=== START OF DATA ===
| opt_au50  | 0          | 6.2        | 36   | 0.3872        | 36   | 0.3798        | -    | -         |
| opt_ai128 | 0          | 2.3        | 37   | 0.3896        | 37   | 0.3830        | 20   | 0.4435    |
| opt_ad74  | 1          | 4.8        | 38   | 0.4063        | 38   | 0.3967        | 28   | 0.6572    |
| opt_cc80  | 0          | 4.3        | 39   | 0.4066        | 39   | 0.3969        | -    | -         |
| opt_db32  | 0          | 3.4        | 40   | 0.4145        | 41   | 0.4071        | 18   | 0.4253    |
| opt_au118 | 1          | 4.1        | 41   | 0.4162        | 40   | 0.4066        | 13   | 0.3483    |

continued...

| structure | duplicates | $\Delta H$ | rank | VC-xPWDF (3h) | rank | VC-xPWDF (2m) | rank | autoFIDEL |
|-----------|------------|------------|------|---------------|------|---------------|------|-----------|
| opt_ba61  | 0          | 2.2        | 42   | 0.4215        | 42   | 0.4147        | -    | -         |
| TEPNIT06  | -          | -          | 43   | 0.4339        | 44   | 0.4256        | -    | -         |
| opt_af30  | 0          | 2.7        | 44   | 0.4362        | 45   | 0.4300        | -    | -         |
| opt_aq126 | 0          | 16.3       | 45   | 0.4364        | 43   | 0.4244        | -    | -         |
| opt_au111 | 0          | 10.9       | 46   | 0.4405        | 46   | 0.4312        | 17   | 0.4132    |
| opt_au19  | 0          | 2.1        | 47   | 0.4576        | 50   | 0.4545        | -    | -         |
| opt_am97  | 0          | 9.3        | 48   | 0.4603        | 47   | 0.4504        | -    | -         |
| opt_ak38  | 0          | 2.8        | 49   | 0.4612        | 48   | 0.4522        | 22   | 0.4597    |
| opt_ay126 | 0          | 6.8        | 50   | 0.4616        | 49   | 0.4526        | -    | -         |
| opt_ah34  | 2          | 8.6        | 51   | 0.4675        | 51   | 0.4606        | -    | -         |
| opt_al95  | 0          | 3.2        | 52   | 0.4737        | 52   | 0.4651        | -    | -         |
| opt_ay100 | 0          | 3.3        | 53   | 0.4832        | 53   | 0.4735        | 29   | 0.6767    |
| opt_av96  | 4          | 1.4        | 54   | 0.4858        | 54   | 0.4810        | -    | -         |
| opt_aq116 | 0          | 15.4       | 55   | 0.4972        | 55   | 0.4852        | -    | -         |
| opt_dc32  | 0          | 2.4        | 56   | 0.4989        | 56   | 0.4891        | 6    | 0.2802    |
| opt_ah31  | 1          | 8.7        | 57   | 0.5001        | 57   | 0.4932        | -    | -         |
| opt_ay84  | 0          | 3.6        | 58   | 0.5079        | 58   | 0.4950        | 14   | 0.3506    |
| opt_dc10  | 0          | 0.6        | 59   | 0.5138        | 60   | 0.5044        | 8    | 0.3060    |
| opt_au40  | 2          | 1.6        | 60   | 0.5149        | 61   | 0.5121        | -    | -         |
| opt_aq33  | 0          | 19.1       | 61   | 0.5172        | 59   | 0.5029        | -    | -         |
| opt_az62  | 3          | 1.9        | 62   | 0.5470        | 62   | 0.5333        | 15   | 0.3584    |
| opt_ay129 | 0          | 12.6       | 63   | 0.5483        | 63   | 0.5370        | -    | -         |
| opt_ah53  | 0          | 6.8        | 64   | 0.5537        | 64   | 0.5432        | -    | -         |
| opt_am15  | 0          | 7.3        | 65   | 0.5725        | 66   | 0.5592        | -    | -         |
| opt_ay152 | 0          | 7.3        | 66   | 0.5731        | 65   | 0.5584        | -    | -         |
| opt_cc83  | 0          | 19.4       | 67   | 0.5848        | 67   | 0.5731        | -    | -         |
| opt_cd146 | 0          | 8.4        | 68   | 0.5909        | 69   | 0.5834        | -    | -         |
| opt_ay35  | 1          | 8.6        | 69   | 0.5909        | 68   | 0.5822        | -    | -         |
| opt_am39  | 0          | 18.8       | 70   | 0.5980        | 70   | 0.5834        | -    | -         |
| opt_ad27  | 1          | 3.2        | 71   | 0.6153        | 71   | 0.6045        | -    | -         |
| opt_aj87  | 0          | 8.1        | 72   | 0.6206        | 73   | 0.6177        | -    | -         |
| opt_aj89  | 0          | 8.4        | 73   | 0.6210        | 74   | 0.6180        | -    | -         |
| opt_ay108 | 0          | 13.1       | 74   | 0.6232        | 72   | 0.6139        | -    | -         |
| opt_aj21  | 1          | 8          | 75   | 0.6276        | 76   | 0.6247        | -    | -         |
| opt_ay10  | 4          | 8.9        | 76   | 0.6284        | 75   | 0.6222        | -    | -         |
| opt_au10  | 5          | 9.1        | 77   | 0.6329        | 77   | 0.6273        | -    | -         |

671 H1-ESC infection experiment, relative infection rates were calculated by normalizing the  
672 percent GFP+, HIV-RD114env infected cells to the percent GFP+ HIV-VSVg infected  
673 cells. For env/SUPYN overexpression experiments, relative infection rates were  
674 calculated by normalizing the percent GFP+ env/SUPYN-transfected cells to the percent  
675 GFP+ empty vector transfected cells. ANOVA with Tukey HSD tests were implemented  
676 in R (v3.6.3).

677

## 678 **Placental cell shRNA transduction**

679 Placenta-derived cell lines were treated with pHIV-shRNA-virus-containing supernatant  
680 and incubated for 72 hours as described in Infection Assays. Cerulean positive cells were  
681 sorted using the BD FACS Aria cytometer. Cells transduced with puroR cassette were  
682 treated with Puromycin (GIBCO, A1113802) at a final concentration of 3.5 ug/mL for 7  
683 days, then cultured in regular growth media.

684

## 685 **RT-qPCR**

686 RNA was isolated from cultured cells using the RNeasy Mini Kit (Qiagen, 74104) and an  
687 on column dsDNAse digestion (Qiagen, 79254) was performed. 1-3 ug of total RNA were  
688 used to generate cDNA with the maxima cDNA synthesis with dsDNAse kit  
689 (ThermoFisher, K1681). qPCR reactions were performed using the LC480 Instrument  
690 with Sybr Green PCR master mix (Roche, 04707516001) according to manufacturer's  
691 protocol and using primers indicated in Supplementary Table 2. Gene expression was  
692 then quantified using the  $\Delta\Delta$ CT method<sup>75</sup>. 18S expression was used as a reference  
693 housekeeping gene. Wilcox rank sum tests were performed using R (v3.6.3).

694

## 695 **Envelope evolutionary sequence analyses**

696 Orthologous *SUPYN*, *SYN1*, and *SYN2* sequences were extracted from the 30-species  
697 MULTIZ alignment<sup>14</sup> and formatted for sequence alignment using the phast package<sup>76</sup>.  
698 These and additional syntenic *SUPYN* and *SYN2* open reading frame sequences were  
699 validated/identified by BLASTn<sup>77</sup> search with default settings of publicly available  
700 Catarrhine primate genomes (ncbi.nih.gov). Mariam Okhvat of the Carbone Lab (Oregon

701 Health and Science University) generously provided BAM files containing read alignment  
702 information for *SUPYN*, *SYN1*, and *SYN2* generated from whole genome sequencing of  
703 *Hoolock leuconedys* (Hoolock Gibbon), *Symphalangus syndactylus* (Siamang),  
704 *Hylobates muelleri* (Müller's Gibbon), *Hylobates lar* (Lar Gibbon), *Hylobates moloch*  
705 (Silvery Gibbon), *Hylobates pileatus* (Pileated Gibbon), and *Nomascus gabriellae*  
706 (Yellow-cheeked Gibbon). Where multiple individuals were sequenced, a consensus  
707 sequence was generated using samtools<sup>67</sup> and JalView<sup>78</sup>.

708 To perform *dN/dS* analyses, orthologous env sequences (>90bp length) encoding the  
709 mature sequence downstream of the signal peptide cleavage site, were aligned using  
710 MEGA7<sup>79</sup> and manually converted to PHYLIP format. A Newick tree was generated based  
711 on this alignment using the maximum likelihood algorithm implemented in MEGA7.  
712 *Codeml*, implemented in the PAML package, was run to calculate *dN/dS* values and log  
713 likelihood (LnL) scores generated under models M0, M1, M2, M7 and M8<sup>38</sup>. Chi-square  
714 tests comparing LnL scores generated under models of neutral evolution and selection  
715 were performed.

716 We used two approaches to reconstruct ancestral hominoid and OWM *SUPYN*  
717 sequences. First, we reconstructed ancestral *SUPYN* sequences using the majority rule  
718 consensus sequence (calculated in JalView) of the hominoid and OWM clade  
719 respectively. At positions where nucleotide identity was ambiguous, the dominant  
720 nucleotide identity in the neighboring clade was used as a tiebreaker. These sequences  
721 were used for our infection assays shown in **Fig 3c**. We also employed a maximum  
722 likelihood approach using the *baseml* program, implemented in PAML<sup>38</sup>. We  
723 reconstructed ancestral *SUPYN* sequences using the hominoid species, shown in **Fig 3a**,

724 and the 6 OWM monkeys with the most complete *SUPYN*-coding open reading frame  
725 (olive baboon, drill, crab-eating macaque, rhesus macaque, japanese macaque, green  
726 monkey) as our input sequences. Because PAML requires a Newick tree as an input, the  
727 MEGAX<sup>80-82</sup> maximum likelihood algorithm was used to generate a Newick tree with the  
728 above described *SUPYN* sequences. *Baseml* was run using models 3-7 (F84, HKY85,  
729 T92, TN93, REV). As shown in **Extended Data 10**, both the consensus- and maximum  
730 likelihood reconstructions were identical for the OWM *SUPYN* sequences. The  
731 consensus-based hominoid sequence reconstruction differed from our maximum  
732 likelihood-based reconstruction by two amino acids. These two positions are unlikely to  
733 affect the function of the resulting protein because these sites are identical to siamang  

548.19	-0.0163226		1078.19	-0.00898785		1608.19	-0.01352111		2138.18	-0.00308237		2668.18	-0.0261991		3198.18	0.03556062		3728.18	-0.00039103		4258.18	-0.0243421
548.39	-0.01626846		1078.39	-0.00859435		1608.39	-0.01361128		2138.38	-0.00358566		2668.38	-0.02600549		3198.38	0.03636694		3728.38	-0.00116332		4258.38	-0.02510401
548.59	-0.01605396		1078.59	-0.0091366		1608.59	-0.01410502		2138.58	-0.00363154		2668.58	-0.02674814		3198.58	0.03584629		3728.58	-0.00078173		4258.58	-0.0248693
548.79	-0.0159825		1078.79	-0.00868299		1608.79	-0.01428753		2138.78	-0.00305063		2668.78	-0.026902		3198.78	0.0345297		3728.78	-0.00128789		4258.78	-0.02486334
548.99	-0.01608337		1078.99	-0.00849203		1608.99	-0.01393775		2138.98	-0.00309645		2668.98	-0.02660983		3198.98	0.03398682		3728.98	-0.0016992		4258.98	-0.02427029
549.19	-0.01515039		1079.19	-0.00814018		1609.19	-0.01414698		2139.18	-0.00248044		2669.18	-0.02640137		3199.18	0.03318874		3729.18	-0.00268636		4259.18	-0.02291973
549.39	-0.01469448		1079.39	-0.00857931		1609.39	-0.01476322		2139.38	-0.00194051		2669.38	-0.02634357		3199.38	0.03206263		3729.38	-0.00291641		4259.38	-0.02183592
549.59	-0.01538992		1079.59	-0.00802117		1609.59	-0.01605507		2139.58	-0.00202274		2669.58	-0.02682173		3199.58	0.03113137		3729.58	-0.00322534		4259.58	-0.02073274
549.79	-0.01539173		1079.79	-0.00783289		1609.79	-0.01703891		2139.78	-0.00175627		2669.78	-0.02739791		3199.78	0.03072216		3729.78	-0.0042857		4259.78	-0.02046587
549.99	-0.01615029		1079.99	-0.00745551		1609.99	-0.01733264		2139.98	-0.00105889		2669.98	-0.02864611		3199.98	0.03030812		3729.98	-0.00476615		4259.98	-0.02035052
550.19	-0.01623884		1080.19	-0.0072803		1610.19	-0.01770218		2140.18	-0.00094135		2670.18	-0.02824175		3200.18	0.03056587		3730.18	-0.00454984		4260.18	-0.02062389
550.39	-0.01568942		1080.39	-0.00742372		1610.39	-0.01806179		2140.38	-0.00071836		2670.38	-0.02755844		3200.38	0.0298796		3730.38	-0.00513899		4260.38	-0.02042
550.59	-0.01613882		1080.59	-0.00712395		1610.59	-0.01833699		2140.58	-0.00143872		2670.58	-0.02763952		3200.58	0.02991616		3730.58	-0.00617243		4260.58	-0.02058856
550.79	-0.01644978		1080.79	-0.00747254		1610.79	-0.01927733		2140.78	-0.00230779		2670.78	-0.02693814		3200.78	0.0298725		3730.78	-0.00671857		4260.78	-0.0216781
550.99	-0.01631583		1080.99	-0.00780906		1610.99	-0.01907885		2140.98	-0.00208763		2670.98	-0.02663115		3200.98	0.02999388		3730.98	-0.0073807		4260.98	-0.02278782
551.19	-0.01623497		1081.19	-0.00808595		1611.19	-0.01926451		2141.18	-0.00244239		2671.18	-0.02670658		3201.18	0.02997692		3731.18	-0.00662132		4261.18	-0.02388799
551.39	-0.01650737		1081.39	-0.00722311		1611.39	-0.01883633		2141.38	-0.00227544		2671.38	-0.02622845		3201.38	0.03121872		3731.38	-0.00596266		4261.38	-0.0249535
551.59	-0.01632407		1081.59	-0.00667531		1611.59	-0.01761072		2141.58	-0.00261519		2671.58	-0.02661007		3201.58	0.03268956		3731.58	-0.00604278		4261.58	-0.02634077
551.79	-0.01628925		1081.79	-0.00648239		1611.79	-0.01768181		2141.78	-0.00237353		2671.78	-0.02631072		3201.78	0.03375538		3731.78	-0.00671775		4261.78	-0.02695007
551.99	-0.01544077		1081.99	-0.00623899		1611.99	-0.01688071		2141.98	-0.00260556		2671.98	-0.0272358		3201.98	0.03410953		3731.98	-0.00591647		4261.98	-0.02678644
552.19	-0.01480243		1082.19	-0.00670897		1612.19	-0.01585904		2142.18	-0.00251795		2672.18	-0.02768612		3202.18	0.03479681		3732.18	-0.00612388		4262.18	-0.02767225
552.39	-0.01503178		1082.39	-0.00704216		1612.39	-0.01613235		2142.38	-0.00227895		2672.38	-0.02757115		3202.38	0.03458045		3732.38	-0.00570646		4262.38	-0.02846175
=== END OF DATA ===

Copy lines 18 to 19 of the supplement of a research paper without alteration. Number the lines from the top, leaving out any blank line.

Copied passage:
| opt_ay126 | 0          | 6.8        | 50   | 0.4616        | 49   | 0.4526        | -    | -         |
| opt_ah34  | 2          | 8.6        | 51   | 0.4675        | 51   | 0.4606        | -    | -         |